Saint John Chrysostom (center) in the midst of Saints Basil the Great and Gregory the Theologian.

Saint John Chrysostom (center) in the midst of Saints Basil the Great and Gregory the Theologian.

He was born in Antioch of noble parents: his father was a high-ranking military officer. His father died soon after his birth and so he was brought up by his mother Anthusa. He was baptized in 370 and tonsured a reader (one of the minor orders of the Church). He began his education under a pagan teacher named Libanius, but went on to study theology under Diodore of Tarsus (one of the leaders of the later Antiochian School) while practising extreme asceticism. He was not satisfied, however, and became a hermit (circa 375) and remained so until poor health forced a return to Antioch.


He was then ordained a deacon in 381 by St. Meletius of Antioch, and was ordained a presbyter in 386 by Bishop Flavian I of Antioch. It seems this was the happiest period of his life. Over about twelve years, he gained much popularity for the eloquence of his public speaking. Notable are his insightful expositions of Bible passages and moral teaching. The most valuable of his works are his Homilies on various books of the Bible. He particularly emphasized almsgiving. He was also most concerned with the spiritual and temporal needs of the poor. He spoke out against abuse of wealth and personal property. In many respects, the following he amassed was no surprise. His straightforward understanding of the Scriptures (in contrast to the Alexandrian tendency towards allegorical interpretation) meant that the themes of his talks were eminently social, explaining the Christian's conduct in life.


One incident that happened during his service in Antioch perhaps illustrates the influence of his sermons best. Around the time he arrived in Antioch, the bishop had to intervene with the Emperor St. Theodosius I on behalf of citizens who had gone on a riotous rampage in which statues of the Emperor and his family were mutilated. During the weeks of Lent in 387, John preached 21 sermons in which he entreated the people to see the error of their ways. These apparently had a lasting impression on the people: many pagans reportedly converted to Christianity as a result of them. In the event, Theodosius' vengeance was not as severe as it might have been, merely changing the legal standing of the city.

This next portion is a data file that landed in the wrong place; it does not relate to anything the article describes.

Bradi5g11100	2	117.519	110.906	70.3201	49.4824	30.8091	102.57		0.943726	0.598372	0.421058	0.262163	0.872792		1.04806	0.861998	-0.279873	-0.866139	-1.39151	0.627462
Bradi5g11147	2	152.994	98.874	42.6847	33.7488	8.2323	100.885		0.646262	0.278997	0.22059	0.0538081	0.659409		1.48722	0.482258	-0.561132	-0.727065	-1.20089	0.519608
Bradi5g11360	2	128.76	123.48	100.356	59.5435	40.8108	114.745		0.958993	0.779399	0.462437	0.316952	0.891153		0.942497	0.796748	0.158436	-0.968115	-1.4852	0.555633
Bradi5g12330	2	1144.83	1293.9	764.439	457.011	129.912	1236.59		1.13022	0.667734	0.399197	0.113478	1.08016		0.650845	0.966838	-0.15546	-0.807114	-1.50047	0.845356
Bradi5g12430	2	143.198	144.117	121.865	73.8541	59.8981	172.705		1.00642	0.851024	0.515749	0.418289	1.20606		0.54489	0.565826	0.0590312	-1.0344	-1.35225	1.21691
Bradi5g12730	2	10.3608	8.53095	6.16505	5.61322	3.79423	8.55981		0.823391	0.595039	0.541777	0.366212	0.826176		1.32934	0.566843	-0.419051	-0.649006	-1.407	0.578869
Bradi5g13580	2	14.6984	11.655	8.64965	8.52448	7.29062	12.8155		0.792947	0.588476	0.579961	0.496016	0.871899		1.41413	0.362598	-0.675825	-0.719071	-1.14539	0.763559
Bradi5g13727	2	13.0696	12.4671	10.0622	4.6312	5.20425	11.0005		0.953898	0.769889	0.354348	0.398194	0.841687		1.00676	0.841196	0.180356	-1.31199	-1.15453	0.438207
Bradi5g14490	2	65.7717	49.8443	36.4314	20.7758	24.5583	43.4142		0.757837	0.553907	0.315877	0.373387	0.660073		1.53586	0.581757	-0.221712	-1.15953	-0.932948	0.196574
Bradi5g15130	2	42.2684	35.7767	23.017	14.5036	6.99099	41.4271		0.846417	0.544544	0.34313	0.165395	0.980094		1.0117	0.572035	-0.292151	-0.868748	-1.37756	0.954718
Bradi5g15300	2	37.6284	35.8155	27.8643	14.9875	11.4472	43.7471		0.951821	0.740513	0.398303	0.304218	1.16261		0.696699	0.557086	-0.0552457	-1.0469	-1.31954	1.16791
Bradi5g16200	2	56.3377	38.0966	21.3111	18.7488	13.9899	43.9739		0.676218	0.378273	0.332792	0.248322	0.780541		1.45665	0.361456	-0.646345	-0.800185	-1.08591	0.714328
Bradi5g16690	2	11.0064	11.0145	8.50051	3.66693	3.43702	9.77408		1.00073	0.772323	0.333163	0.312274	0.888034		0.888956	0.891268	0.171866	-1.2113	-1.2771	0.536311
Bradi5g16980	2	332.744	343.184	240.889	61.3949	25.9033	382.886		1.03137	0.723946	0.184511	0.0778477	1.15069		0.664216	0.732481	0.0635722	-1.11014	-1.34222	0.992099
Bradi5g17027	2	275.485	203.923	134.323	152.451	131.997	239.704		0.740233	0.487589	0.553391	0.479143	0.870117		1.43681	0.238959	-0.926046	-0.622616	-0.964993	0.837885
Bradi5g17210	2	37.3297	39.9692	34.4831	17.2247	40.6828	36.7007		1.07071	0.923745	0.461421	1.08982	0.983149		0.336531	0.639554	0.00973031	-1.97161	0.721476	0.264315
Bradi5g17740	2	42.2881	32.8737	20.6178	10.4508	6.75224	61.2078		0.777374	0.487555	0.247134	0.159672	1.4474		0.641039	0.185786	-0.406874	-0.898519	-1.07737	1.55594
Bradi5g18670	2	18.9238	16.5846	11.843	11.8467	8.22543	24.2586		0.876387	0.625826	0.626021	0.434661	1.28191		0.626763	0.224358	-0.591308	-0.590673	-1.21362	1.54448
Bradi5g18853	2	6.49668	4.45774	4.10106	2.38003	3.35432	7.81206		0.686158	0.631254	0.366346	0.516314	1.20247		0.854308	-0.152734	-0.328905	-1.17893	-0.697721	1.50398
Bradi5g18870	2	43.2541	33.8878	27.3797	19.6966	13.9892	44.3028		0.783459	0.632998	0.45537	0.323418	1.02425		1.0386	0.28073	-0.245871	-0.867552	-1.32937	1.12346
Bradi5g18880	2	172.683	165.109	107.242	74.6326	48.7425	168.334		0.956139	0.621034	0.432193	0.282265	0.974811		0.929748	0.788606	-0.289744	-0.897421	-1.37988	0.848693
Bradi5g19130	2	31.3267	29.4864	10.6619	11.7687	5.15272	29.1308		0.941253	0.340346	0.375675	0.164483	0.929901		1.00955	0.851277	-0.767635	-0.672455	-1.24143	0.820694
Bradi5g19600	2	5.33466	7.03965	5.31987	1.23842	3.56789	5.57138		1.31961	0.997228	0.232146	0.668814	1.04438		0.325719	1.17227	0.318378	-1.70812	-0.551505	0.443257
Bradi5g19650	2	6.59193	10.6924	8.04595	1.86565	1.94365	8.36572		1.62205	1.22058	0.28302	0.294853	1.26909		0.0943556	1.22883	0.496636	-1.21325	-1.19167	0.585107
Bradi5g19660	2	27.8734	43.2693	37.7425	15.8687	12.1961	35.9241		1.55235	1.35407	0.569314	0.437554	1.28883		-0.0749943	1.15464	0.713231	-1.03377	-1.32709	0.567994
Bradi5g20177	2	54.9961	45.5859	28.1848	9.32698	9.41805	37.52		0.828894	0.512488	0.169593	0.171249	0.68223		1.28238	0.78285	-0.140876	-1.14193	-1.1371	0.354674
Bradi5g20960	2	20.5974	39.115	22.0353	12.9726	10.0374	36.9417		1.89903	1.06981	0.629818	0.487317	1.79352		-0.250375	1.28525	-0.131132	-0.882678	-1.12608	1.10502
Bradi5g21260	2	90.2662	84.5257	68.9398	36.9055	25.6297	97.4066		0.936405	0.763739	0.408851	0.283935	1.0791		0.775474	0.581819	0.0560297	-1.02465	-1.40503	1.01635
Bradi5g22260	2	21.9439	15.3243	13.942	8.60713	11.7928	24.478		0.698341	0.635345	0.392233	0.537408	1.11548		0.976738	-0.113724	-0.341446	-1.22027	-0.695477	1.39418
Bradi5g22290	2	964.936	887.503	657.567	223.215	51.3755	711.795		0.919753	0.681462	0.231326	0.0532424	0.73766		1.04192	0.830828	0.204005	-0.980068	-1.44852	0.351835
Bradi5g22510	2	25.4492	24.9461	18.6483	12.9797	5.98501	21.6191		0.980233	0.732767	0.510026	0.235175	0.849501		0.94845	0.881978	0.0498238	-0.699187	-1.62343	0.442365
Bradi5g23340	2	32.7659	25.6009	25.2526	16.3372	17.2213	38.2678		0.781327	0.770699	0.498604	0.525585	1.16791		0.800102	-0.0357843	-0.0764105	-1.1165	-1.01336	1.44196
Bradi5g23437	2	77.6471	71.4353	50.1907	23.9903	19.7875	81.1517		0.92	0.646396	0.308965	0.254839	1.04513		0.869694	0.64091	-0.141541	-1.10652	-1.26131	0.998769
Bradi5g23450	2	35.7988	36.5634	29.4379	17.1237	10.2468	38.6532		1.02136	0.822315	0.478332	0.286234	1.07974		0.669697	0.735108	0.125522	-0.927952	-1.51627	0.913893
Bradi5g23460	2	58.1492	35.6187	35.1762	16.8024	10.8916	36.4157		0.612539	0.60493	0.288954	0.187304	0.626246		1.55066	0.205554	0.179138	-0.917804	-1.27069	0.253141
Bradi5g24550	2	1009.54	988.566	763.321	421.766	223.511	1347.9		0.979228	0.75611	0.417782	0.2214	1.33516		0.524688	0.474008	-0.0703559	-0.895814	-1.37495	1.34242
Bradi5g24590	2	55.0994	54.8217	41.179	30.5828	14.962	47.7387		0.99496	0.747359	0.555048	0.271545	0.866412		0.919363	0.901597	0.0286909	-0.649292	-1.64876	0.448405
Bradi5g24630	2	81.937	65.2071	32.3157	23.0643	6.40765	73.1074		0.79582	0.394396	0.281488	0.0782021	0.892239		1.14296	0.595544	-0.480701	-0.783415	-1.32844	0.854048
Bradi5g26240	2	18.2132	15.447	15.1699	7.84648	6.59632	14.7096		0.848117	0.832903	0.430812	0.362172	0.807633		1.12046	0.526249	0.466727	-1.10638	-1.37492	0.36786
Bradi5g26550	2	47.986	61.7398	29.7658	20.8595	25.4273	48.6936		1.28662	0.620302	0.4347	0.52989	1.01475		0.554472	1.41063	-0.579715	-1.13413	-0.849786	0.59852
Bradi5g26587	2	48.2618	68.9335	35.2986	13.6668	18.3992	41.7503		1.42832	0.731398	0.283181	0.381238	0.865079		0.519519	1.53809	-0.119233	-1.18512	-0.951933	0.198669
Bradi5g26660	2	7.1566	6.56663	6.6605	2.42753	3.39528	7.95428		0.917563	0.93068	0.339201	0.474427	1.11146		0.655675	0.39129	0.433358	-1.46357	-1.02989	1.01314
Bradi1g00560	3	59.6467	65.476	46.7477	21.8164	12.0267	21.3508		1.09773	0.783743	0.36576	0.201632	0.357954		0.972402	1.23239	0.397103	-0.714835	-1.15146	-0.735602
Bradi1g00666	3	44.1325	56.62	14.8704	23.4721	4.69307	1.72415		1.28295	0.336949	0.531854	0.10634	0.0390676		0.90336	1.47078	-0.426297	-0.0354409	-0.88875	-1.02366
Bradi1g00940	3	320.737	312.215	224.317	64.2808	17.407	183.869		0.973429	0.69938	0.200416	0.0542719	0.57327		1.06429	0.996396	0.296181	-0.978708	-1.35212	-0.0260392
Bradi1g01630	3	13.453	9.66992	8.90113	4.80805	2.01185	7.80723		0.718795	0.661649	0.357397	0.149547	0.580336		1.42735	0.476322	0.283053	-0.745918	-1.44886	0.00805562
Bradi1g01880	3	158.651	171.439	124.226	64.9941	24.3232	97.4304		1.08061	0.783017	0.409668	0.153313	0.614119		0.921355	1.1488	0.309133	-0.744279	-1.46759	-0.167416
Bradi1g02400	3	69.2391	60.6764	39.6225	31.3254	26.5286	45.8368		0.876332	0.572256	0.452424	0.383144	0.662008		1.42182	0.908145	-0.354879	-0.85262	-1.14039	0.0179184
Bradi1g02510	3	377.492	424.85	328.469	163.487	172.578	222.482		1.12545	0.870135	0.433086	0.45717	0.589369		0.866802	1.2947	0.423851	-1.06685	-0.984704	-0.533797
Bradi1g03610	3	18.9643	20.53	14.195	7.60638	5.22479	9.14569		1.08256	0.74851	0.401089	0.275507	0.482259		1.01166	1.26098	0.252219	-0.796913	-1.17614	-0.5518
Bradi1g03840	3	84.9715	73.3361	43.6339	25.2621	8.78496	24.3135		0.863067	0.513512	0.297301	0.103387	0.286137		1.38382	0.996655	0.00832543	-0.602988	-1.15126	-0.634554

In late October of 397, he was called (somewhat against his will) to be the bishop of Constantinople. He deplored the fact that Imperial court protocol would now assign to him access to privileges greater than the highest state officials. During his time as bishop he adamantly refused to host lavish entertainments. This meant he was popular with the common people, but unpopular with the wealthy and the clergy. In a sermon soon after his arrival he said, "people praise the predecessor to disparage the successor." His reforms of the clergy were also unpopular with these groups. He told visiting regional preachers to return to the churches they were meant to be serving—without any pay out.


His time there was to be far less at ease than in Antioch. Theophilus, the Pope of Alexandria, wanted to bring Constantinople under his sway and opposed John's appointment to Constantinople. Being an opponent of Origen's teachings, he accused John of being too partial to the teachings of that master. Theophilus had disciplined four Egyptian monks (known as "the Tall Brothers") over their support of Origen's teachings. They fled to and were welcomed by John. He made another enemy in Aelia Eudoxia, the wife of the eastern Emperor Arcadius, who assumed (perhaps with justification) that his denunciations of extravagance in feminine dress were aimed at herself.


St. John was fearless when denouncing offences in high places. An alliance was soon formed against him by Eudoxia, Theophilus and other enemies of his. They held a synod in 403 to charge John, in which the accusation of Origenism was used against him. It resulted in his deposition and banishment. He was called back by Arcadius almost immediately, however, for the people of the city were very angry about his departure. There was also a "quaking" in the Imperial bedroom (thought to be either an actual earthquake or perhaps as a stillbirth or miscarriage for the empress) which was seen as a sign of God's anger. Peace was shortlived. A silver statue of Eudoxia was erected near the cathedral of Hagia Sophia. John denounced the dedication ceremonies. He spoke against her in harsh terms: "Again Herodias rages; again she is confounded; again she demands the head of John on a charger" (an allusion to the events surrounding the death of John the Forerunner). Once again he was banished, this time to Caucasus in Georgia.


The pope in Rome (Innocent I at this time) protested at this banishment, but to no avail. John wrote letters which still held great influence in Constantinople. As a result of this, he was further exiled to Pityus (on the eastern edge of the Black Sea). However, he never reached this destination, as he died during the journey. His final words were

"Glory be to God for all things!"